For example, the Jones–Taylor–Thornton matrix shows that the P. camtschaticus trypsin is separated by 1.32 from Drosophila melanogaster trypsin, by 1.16 from Bos taurus trypsin, and by 0.41 from P. vannamei trypsin. King crab collagenase is 1.45 away from the king crab trypsin and 1.48 away from the bovine chymotrypsin, while the distance between the prawn chymotrypsin II and the king crab collagenase is 0.32. King crab trypsin and king crab collagenase are separated from the S. griseus trypsin by 1.57 and 1.78, respectively. Fungal trypsins are also more separated from the P. camtschaticus collagenase than from the P. camtschaticus trypsin.

Conclusions

A comparative sequence analysis of brachyurins, bacterial and vertebrate chymotrypsins, and trypsins allows us to understand the evolution of this serine protease family [12]. A closer inspection suggests that brachyurins share more sequence identity with vertebrate trypsins and chymotrypsins than with their bacterial analogues, while some important structural features, such as disulfide bonds, are conserved between the brachyurins and bacterial enzymes. Therefore, brachyurins occupy an intermediate evolutionary position between the bacterial and vertebrate trypsins and chymotrypsins. The major types of brachyurins can be distinguished on the basis of sequence similarity. The study of brachyurins significantly contributes to our understanding of the evolution of serine protease structure and function. Comparative structural and functional analyses indicate that these invertebrate enzymes are closely related to their vertebrate and bacterial analogues, but differ from them.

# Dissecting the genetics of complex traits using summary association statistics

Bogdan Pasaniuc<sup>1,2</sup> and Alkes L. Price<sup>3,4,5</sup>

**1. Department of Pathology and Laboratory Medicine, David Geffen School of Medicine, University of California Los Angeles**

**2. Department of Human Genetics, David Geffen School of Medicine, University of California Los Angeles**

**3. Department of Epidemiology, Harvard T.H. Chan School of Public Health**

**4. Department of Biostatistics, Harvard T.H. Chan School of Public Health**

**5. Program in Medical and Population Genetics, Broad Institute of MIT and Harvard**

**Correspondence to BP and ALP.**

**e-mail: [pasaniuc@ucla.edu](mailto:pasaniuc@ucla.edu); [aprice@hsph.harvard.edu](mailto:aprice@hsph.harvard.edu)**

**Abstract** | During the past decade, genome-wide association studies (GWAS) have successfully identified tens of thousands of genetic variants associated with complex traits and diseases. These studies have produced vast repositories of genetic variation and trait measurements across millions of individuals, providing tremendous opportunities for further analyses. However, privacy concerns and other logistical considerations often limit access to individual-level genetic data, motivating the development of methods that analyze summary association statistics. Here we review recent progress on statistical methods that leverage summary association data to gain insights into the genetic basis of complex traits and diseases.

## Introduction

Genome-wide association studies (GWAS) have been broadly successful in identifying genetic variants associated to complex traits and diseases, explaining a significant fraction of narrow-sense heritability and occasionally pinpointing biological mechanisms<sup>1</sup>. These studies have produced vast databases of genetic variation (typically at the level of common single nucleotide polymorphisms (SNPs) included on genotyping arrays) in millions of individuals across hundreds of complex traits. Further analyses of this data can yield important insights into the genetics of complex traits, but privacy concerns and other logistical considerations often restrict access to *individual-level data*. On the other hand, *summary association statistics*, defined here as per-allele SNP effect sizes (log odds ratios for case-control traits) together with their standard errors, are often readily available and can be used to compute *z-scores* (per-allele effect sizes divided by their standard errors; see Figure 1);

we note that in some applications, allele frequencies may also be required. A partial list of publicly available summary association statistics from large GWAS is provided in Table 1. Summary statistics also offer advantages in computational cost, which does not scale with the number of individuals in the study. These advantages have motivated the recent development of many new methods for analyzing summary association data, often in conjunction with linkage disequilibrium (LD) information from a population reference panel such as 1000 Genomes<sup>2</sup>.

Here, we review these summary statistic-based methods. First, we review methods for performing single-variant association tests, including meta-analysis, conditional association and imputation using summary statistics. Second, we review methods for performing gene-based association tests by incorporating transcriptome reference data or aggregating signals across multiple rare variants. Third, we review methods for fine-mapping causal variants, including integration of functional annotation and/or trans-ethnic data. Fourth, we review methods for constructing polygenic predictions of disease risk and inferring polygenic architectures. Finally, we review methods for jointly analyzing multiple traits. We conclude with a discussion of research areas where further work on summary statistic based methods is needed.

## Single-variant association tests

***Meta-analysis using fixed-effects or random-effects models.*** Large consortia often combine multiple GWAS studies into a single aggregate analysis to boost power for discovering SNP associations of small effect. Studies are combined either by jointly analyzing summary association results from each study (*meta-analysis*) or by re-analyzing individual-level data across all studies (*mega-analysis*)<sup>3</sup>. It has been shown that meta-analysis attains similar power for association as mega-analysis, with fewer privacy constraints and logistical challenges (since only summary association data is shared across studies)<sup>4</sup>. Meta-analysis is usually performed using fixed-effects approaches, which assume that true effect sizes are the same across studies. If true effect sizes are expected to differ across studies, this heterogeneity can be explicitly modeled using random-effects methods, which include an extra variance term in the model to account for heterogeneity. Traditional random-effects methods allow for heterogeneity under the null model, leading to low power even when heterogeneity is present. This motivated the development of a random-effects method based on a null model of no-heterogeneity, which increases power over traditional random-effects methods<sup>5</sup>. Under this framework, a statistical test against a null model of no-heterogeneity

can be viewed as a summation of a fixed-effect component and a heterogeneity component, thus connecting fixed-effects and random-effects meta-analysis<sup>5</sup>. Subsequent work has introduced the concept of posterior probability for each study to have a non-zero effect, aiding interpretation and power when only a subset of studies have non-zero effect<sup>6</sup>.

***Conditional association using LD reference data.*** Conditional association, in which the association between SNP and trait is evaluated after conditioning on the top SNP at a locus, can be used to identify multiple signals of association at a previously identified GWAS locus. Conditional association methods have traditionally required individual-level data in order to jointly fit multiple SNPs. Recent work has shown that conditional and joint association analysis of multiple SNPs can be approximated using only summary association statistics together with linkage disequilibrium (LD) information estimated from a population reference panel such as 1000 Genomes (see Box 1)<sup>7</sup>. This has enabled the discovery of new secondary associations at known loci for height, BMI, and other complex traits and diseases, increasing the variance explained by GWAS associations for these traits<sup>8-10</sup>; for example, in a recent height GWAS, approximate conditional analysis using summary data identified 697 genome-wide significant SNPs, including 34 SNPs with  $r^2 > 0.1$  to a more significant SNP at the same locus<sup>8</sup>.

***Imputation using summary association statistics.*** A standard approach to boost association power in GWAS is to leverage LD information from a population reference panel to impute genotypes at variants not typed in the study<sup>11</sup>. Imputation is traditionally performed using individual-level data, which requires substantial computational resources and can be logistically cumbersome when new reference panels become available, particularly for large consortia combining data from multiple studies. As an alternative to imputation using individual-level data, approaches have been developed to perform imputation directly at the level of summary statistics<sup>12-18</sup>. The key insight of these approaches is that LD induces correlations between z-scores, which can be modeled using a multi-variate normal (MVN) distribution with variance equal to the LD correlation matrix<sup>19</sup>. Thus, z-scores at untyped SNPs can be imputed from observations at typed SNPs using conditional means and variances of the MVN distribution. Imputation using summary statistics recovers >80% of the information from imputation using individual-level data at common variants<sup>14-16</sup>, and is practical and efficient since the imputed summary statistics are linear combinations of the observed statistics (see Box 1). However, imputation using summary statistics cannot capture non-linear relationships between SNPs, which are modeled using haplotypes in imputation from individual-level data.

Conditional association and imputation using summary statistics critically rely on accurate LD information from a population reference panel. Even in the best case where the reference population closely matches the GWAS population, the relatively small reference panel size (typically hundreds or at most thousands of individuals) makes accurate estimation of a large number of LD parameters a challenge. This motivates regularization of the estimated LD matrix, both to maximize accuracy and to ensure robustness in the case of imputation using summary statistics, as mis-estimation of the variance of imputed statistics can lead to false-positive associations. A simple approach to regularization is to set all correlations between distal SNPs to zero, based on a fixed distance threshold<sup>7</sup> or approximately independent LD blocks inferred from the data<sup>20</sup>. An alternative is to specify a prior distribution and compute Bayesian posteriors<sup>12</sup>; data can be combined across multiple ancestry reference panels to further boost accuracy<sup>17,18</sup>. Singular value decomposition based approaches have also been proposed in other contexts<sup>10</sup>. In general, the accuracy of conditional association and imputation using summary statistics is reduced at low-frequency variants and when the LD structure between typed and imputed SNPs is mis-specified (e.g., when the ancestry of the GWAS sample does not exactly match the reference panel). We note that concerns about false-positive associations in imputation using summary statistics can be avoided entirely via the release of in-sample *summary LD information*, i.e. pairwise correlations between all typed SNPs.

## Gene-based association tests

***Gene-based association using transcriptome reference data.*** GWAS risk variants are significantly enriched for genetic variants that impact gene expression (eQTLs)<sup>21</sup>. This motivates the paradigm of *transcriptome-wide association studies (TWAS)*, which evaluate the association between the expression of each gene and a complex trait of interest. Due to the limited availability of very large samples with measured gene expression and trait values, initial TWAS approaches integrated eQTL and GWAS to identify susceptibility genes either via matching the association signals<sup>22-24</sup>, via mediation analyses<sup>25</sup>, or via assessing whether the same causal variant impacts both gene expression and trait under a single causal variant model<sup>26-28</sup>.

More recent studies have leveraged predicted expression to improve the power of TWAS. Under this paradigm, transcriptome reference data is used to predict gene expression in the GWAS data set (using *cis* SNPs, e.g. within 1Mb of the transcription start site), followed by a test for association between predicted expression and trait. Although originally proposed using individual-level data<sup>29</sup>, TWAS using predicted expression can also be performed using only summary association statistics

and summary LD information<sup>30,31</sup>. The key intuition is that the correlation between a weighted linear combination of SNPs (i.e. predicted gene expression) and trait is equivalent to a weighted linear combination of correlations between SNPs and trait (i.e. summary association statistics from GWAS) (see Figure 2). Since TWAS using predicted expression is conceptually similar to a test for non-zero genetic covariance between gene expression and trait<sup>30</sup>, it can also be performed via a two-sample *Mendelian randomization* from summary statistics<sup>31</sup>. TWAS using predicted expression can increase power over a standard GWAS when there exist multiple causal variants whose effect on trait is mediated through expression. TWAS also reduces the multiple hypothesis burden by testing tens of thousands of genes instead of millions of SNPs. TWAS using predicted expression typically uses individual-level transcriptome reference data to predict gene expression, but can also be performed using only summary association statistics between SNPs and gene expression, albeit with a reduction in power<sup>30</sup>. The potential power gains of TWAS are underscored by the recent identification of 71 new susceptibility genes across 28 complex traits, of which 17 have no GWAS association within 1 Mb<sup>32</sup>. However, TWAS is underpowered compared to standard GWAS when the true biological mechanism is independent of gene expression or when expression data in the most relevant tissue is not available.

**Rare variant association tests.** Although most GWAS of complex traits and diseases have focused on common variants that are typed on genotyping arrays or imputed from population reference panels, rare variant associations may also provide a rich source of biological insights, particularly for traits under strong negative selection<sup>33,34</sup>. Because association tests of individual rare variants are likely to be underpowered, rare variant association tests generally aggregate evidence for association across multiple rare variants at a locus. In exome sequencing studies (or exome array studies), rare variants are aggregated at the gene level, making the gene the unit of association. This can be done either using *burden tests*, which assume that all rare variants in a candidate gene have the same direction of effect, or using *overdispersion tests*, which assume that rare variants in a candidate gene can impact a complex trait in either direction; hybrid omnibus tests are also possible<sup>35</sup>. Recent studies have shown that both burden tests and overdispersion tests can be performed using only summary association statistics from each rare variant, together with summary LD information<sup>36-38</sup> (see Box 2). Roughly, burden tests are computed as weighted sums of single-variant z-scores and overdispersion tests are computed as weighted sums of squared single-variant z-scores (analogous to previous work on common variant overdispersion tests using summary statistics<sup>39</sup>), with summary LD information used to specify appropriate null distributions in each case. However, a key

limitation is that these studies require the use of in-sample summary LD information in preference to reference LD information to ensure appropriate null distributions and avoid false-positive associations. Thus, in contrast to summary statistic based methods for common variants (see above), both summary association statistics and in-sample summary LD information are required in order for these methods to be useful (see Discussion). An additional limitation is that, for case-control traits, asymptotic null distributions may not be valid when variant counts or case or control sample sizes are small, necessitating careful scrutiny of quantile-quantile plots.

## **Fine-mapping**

Methods

RNA isolation and cDNA library construction

A live king crab (P. camtschaticus) was obtained from the local market. Total RNA was isolated from 0.5 g of hepatopancreas of king crab by guanidine–phenol–chloroform extraction [33]. A cDNA library was obtained from 0.1 μg of total RNA and amplified by a SMART PCR cDNA Synthesis Kit (CLONTECH) using manufacturer's protocol. The amplified cDNA sample was 20-fold diluted with water and used in the following RACE procedures.

Isolation of the crab collagenase cDNA and trypsin cDNA